DeLuca won the April 2003 general election, and was sworn in as mayor of Chicago Heights on May 5, 2003. (Id. ¶¶ 2, 19.) The following day, DeLuca's campaign manager Dan Proft replaced Rees as chief of staff. (Id. ¶ 62, 64.) Rees characterized her termination meeting with DeLuca as "'very cordial, very nice, no problem.'" (Id. ¶ 63 (quoting Rees Dep., Ex. 23 to Def.'s 56.1, at 67).)

In the month preceding DeLuca's taking office, DeLuca and Proft had investigated and gathered information about the financial health of the City. (Id. ¶ 60.) DeLuca viewed the situation as "grim. . . . financially, operationally, and developmentally." (Id. (quoting DeLuca Dep., Ex. 17 to Def.'s 56.1, at 18-19).) Proft predicted a $4 million deficit for the fiscal year 2003-2004. (Id. ¶ 61.) On May 23, 2003, City Treasurer Bauer, in a memo to DeLuca, informed the new mayor that the City had posted a $2 million deficit for 2002-2003 and warned that "[s]pending must continue to be curtailed" because the new budget was "still $4 [million] short."*fn3 (Id. ¶ 65; Memo from Bauer to DeLuca of May 23, 2003, Ex. 9 to Def.'s 56.1, at CH 1021.) The DeLuca administration viewed the deficit as caused by, among other things, a large number of municipal employees and employees with duplicative jobs. (Def.'s 56.1 ¶ 67.)

According to Defendants, DeLuca "immediately began to attempt to identify and trim the employee roster of positions that could be absorbed by present personnel." (Id. ¶ 68.) Boehl admits only that employees were terminated, and asserts that DeLuca also hired several new employees after becoming mayor. (Pl.'s 56.1 ¶ 68.) The parties agree that because many Chicago Heights employees were covered by union contracts, it was easier and less restrictive to eliminate non-union positions. (Def.'s 56.1 ¶¶ 69-70.) By April 2005, the City employed thirty-four fewer employees than it had in April 2003, reducing the number of employees from 318 to 284.*fn4 (Id. ¶¶ 226-27.) According to Defendants, this resulted in savings of $1 to $2 million.*fn5 (Id. ¶ 229.)

B. Boehl's Employment and Termination

An initial target of the DeLuca administration was the Public Works Department, which Ciambrone had created in 1999 to oversee several other municipal departments, including the Water Department, the Streets & Sewers Department, and the Maintenance Department.*fn6 (Id. ¶ 74; Pl.'s 56.1 ¶ 144.) Ciambrone had appointed Douglas Foster, who had been the Superintendent of the Water Department, as Director of the Public Works Department in 2000. (Def.'s 56.1 ¶¶ 72-74.) Foster earned one of the highest salaries in the City. (Id. ¶ 76.)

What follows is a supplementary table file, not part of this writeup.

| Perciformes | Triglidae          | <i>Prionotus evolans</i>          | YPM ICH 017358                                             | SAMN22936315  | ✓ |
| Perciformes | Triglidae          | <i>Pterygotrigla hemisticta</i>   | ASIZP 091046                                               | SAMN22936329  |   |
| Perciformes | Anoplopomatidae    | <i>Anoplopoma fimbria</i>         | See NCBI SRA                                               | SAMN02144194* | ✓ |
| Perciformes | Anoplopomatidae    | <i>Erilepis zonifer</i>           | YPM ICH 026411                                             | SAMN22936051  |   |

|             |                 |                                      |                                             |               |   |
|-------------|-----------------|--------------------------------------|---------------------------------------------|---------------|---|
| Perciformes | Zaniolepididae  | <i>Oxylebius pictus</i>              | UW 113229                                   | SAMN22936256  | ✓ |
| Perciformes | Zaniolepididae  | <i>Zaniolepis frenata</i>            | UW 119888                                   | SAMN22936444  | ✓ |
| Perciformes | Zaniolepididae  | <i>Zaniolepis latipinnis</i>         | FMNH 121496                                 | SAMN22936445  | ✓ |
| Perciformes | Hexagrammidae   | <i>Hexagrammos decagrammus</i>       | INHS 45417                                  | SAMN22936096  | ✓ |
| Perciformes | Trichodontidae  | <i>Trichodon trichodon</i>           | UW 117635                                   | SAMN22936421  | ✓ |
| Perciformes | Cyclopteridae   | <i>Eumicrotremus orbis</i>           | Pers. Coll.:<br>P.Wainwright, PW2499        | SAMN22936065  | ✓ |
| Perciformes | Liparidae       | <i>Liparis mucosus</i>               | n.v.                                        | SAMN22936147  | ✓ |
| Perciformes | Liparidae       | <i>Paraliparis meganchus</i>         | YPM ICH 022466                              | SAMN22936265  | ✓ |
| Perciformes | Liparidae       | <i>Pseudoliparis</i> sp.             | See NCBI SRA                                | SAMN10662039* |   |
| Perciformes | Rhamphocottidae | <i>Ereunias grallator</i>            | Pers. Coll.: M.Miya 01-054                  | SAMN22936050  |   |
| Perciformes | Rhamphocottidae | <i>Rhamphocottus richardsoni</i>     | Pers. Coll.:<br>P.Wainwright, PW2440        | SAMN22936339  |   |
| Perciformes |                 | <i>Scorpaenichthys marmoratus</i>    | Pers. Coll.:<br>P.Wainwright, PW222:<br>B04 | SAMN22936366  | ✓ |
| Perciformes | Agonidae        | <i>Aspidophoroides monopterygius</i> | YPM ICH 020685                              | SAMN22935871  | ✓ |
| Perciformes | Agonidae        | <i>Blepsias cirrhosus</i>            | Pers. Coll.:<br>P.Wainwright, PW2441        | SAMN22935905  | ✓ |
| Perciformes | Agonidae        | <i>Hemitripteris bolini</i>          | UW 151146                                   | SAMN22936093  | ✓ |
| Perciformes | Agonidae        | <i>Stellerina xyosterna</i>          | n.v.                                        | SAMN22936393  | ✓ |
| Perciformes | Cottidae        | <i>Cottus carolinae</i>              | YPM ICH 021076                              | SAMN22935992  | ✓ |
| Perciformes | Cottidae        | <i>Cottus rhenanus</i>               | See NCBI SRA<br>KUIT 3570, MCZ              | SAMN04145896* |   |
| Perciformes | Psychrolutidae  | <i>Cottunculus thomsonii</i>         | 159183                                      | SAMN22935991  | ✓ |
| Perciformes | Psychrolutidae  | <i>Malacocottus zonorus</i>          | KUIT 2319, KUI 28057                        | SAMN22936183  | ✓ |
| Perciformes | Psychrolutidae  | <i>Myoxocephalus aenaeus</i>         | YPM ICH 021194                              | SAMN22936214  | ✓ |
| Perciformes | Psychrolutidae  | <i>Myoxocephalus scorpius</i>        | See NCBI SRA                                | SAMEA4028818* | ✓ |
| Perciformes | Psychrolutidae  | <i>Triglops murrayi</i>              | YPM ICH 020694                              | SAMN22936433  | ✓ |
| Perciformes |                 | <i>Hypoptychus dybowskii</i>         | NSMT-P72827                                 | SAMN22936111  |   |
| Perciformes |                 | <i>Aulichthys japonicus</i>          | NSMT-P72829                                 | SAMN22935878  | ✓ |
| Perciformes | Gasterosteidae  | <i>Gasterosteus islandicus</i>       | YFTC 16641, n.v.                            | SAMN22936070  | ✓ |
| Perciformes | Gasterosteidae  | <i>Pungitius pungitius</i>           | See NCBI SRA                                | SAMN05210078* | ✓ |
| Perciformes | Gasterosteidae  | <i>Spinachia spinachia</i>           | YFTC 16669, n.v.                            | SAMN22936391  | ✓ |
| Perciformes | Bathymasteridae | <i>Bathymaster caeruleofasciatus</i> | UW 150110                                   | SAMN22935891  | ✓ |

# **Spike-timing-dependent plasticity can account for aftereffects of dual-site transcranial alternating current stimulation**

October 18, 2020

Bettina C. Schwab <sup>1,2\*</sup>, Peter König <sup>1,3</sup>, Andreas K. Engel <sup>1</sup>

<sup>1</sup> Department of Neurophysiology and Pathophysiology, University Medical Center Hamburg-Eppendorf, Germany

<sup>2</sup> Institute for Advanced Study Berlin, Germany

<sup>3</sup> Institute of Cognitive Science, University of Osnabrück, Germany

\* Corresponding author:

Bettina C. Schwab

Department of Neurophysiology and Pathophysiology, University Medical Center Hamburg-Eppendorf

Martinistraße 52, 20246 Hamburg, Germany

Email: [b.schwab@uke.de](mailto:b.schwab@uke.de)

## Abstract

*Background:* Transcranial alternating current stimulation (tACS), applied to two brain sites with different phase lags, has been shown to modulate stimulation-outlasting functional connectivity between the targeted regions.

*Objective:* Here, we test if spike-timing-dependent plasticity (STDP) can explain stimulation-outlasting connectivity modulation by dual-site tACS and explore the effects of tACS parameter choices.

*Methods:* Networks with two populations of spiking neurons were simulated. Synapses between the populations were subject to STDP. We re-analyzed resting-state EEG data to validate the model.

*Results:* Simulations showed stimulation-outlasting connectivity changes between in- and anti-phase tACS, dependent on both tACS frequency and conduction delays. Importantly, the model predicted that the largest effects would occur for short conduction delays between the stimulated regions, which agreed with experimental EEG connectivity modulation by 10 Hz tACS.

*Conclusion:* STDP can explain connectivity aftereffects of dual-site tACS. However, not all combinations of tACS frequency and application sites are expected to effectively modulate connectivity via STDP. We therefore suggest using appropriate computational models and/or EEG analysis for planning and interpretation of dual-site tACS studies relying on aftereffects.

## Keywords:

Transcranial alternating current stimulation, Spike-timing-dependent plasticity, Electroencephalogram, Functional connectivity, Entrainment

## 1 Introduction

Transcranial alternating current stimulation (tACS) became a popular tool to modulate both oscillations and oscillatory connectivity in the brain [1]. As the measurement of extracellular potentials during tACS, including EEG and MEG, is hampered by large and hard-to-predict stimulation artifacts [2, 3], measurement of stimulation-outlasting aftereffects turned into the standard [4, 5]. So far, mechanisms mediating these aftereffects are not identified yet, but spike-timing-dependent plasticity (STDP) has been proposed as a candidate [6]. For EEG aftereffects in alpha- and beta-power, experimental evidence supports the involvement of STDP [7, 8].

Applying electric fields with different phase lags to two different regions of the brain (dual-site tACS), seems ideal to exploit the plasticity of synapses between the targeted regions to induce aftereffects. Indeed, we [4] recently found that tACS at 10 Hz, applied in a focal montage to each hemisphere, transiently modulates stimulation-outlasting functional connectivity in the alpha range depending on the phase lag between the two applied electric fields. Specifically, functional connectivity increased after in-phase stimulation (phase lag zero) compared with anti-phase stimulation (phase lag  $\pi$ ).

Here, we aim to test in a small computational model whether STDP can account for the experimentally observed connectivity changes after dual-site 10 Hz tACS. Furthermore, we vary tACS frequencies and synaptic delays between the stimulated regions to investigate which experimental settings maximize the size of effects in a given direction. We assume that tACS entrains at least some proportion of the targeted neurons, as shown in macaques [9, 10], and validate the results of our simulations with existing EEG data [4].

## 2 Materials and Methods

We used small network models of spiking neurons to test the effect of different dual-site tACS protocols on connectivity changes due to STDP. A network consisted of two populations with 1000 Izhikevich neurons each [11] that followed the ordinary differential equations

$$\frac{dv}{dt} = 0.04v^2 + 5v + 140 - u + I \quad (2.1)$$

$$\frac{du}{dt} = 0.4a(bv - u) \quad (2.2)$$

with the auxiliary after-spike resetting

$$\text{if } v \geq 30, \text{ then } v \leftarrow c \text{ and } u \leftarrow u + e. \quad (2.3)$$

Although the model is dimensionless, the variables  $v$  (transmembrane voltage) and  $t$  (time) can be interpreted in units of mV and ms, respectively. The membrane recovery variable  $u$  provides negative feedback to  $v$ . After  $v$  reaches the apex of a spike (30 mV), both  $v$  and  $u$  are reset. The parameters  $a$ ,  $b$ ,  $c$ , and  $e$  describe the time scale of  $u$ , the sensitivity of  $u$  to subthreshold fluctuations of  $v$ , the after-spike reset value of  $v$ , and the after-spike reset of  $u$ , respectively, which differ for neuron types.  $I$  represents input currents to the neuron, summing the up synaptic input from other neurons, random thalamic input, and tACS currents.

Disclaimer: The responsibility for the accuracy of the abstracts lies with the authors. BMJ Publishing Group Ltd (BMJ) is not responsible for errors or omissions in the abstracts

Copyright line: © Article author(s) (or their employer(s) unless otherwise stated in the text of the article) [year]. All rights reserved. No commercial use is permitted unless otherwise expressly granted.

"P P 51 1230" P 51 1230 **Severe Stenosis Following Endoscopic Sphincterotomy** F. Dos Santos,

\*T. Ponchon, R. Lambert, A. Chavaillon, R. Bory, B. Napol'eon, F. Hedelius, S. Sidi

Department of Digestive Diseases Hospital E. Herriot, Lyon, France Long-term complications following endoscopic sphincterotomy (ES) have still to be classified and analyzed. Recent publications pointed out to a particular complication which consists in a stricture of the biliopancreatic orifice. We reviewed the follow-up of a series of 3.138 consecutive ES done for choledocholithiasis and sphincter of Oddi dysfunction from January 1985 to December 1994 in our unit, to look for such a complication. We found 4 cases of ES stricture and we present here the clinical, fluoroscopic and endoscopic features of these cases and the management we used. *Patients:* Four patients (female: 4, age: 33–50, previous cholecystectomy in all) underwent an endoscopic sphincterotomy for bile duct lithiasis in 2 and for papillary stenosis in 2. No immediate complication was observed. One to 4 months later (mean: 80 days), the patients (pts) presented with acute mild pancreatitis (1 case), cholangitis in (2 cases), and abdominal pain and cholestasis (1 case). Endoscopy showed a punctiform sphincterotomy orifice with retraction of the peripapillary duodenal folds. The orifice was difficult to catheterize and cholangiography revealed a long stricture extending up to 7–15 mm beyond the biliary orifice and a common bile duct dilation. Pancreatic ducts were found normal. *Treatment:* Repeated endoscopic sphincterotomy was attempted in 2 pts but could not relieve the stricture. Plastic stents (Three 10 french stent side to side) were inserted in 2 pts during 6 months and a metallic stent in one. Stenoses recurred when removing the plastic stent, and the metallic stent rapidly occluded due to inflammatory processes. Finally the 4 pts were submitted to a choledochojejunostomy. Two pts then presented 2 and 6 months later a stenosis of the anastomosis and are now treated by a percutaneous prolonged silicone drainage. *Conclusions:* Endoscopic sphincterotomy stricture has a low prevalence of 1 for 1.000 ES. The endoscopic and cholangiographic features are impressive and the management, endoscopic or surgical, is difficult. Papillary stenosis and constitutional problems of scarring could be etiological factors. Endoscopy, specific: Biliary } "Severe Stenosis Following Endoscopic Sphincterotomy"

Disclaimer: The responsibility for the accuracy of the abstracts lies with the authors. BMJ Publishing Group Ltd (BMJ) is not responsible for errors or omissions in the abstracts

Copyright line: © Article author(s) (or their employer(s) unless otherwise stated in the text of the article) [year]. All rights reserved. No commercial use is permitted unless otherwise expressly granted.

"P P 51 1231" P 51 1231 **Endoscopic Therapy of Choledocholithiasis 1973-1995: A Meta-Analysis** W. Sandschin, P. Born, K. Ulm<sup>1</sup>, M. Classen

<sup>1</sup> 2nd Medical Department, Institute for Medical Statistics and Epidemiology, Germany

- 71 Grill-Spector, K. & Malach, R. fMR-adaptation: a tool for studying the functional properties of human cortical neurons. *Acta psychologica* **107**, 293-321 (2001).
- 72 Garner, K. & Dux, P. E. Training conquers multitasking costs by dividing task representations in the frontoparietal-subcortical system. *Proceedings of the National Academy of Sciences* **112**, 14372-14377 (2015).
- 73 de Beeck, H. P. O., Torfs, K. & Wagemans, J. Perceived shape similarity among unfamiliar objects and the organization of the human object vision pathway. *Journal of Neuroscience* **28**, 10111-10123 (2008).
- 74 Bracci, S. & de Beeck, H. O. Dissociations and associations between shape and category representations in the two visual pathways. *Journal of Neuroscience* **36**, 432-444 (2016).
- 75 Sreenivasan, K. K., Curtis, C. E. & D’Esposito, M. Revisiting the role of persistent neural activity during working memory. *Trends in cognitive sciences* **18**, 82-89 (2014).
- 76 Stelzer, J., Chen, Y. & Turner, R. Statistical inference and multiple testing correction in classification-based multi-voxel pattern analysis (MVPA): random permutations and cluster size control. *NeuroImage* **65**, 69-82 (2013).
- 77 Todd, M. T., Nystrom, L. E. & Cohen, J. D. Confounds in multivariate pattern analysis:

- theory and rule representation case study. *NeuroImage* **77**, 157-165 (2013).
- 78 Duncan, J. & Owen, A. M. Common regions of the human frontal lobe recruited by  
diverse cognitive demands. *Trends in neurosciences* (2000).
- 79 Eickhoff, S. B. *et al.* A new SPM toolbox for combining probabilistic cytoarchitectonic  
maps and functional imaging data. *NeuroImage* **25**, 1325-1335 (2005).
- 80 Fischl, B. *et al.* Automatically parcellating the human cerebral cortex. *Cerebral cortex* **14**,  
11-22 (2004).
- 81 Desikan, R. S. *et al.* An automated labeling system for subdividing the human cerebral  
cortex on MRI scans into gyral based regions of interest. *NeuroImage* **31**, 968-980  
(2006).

Plaintiff Boehl began working for Chicago Heights in 1983 as a laborer in the Water Department. (Id. ¶ 132.) He left to work for a private company in 1987, (id.), but was rehired in 1995 in the same position, (Id. ¶ 133), and, in 1997, became a foreman in the Water Department. (Id. ¶ 134.) In 2001, Boehl became a supervisor in the newly-created Public Works Department. (Id. ¶¶ 135-36.) His duties in that position included advising Foster, relaying information to Foster from the other department heads, filling in for the individual department heads when they were absent, operating equipment if there were manpower shortages, reprimanding employees, and speaking with unions. (Id. ¶ 137; Pl.'s Dep., Ex. 13 to Def.'s 56.1, at 115-17.) In his deposition, Boehl testified that he was "a jack-of-all trades." (Pl.'s Dep., at 116.)

After the 2003 mayoral election, the DeLuca administration determined that Foster's responsibilities and those of the Public Works Department were duplicative of other departments and that the work could be absorbed by those other departments. (Def.'s 56.1¶ 75.) Foster was terminated during the first week of the new administration, and the position of Director of Public Works was eliminated. (Id. ¶¶ 77, 80.) Eventually, DeLuca created three positions: Director of Water, Director of Streets & Sewers, and Director of Maintenance. (Id. ¶ 80.) Before Ciambrone's creation of the Public Works Department and Foster's appointment as its Director in 2000, the heads of these departments had been titled "Superintendents."*fn7 (Id.)